Breast cancer is the second most common type of cancer (after lung cancer), and kills over half a million people worldwide annually.
While medical diagnostic technology has advanced rapidly over the last few decades, over 80% of breast cancer cases are first discovered by a woman or her partner, typically by finding an abnormal lump that feels different from the surrounding breast tissue. This must be followed up by a mammogram in order to objectively confirm the diagnosis and begin treatment. As most cancer types, the earlier the cancer is detected, the higher the chances of a successful recovery.
A new device has been invented by Dr. David Watmough could help millions of women avoid debilitating mastectomies, chemotherapy, or even death. The Breastlight works by shining powerful red LEDs through the breast, allowing women and their partners to see what is normal for their breasts and identify changes over time. They will be able to see veins and other blood vessels as dark lines in their breasts. Regular inspections could reveal dark spots, a possible signal of the growth of new blood vessels which feed cancerous tumors.
The Breastlight has already helped at least one woman during trial. Dorothy McCormick, a former nurse, was one of the first women to try the device. The 57-year-old grandmother had initially gone to her doctor due to pain in her left breast. The doctor diagnosed it as mastitis, or inflammation of the breast tissue. Antibiotics were prescribed to her, but the pain persisted. She heard through a friend of the trials for the Breastlight and decided to try it out.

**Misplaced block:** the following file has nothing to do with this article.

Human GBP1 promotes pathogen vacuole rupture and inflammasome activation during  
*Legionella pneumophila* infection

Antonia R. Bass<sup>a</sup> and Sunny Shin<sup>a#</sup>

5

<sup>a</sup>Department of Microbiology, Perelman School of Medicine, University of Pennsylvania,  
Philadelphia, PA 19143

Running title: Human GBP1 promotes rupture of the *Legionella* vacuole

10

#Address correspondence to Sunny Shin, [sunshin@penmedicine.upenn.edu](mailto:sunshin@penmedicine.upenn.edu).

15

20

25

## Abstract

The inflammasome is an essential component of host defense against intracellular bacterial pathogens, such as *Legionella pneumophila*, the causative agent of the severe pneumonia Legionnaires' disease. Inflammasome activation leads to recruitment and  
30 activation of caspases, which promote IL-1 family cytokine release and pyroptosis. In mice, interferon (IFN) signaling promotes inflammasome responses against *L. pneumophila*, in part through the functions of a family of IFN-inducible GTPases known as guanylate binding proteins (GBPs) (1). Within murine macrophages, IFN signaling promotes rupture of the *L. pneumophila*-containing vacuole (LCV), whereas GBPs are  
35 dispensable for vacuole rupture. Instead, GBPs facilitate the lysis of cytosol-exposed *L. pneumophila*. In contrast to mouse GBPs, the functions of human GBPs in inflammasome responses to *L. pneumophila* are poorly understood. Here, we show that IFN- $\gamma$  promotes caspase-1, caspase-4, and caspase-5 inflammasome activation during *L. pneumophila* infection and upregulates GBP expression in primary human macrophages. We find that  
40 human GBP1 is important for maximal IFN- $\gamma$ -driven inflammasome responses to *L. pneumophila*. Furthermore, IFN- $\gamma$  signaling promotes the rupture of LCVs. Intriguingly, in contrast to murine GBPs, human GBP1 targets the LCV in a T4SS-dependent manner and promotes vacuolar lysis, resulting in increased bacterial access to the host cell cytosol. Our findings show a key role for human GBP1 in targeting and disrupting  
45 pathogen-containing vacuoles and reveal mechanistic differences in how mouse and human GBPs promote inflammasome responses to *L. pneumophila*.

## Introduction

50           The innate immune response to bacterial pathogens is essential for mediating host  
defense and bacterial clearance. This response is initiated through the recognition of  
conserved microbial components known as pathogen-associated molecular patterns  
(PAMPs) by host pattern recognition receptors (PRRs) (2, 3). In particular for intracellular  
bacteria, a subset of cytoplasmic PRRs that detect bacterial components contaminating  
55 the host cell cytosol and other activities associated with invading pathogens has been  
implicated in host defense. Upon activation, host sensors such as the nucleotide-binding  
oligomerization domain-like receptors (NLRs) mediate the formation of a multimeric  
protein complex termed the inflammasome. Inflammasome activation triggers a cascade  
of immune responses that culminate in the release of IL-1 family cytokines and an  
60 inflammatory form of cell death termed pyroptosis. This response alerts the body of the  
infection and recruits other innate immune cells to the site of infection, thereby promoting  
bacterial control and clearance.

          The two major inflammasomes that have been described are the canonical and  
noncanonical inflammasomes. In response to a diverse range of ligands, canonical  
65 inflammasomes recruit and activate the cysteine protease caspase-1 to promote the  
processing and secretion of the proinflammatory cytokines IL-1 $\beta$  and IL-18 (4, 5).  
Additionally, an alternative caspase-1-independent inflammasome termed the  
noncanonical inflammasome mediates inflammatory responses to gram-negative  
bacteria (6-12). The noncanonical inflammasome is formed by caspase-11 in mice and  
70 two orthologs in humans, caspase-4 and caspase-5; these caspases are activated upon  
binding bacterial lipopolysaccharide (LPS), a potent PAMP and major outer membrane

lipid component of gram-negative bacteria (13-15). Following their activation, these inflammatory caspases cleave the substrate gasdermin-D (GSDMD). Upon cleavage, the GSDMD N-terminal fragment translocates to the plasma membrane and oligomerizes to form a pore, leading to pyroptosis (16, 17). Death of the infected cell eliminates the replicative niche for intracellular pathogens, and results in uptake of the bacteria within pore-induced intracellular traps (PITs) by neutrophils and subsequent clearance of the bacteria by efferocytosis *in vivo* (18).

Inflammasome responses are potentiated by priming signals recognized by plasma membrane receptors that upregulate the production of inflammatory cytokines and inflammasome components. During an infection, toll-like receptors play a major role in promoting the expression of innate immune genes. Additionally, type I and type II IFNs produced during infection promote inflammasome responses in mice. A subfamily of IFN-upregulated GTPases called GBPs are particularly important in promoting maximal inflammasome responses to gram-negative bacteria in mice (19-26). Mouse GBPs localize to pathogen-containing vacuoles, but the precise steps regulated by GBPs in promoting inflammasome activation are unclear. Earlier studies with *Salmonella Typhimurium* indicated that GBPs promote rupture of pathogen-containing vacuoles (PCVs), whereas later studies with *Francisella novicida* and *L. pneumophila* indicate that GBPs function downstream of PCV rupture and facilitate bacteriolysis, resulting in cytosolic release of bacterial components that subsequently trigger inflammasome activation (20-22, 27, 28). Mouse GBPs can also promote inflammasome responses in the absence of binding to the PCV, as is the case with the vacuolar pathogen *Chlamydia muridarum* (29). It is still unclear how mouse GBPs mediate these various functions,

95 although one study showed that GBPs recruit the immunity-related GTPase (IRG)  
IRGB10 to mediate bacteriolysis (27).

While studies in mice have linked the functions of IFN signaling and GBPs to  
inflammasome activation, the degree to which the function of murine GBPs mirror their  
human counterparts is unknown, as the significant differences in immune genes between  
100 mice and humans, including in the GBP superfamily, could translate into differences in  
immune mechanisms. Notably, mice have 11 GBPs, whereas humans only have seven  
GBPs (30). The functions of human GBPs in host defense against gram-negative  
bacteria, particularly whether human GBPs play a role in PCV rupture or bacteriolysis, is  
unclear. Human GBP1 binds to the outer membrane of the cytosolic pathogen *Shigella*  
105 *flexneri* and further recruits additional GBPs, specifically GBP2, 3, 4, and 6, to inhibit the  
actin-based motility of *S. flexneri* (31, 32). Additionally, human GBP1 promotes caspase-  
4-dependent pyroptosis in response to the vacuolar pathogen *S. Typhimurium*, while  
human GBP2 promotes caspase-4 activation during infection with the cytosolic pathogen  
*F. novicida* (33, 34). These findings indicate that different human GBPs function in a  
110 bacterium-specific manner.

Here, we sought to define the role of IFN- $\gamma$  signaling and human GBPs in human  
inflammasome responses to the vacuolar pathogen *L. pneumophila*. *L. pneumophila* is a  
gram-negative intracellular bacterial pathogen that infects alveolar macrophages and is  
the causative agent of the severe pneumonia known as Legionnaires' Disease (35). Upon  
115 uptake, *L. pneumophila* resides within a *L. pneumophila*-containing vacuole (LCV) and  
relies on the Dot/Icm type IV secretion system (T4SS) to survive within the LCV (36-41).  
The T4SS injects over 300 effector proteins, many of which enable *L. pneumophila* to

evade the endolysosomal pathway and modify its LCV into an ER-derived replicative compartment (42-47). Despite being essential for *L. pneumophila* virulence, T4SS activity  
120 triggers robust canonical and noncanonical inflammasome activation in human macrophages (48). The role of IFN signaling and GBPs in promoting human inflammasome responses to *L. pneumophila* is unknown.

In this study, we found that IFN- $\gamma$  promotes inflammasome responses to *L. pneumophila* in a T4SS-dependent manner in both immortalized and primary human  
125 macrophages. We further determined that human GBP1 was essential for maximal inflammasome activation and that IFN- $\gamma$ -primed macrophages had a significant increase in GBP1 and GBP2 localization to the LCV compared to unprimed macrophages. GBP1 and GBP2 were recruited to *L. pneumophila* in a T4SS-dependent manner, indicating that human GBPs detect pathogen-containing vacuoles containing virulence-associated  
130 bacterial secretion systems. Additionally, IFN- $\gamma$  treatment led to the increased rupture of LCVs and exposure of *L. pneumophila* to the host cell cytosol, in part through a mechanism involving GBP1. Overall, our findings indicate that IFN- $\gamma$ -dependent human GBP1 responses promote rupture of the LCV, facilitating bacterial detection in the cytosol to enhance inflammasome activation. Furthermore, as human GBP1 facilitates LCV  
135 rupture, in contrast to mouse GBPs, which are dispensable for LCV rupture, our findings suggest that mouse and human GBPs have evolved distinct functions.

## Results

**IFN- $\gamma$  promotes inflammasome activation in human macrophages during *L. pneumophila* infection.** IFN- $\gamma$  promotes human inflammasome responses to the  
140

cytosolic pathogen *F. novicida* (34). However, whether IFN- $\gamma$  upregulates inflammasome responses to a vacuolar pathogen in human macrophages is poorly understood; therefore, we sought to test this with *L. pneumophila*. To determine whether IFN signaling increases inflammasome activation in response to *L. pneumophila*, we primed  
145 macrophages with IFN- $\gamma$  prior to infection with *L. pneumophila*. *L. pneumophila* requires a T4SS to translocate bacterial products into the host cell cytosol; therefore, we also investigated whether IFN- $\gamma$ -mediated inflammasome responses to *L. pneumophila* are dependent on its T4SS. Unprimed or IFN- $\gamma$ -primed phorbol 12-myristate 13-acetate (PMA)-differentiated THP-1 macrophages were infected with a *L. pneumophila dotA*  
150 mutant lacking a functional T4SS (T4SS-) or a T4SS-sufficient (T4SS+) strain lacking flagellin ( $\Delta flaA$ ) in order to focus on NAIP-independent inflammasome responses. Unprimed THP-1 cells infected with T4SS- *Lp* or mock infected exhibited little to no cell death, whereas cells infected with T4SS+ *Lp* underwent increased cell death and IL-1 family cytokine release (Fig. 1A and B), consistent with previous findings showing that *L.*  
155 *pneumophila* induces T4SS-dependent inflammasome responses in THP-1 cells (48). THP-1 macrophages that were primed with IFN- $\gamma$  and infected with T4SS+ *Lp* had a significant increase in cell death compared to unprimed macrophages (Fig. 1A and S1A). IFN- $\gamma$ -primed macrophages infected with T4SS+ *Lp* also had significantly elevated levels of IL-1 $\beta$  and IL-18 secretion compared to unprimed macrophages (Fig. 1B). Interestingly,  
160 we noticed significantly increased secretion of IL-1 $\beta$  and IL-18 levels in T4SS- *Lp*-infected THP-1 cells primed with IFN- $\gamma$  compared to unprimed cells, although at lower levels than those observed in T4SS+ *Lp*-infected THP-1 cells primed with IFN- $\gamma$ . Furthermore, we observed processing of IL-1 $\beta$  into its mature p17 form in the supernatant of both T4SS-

"In my left breast it showed up small dark areas which suggested there could be new blood vessels growing," stated McCormick. She returned to her doctor and insisted on a mammogram and biopsy, which confirmed she had a 2cm tumor. Another patient was reportedly able to see her tumor receding as she went through treatment.
Development of the Breastlight was funded by a £2million (~$3 million USD) investment by PWB Health, a British firm. The company states that the Breastlight is intended to be used as part of an ongoing breast awareness routine, and aims to help women become more familiar with how their breasts look and feel. It is not intended to replace a clinical breast examination or mammogram, but instead serve as a "valuable personal aid that supports and encourages women to be breast aware".
The Breastlight has been used by women in the United Kingdom since November 2008.
The company claims that results have been extremely favorable with women that have large or lumpy breasts who find self-examinations of their breasts difficult. Most have found that the device is easy to use and has become a part of their regular breast awareness routine. It gives them more confidence when they are checking their breasts, since many are unsure whether to report any lumps that they may find.
A study of 1,087 women conducted in July 2008 and commissioned by PWB Health assessed how the Breastlight was being used by women and how it affected their attitude to breast awareness and breast screening. Approximately 80% of those women reported that they were more confident in their breast self-examinations after using the Breastlight. Of the 1,087 women, 14 (1.3 per cent) consulted a doctor because they were concerned by the outcome of their breast self-examination. Of that number, three had follow-up mammograms, one of whom was McCormick.
The Breastlight has recently gone on sale in Canada at Rexall Pharmacies for $150 CAD. Sales in the US are currently in the negotiation stage.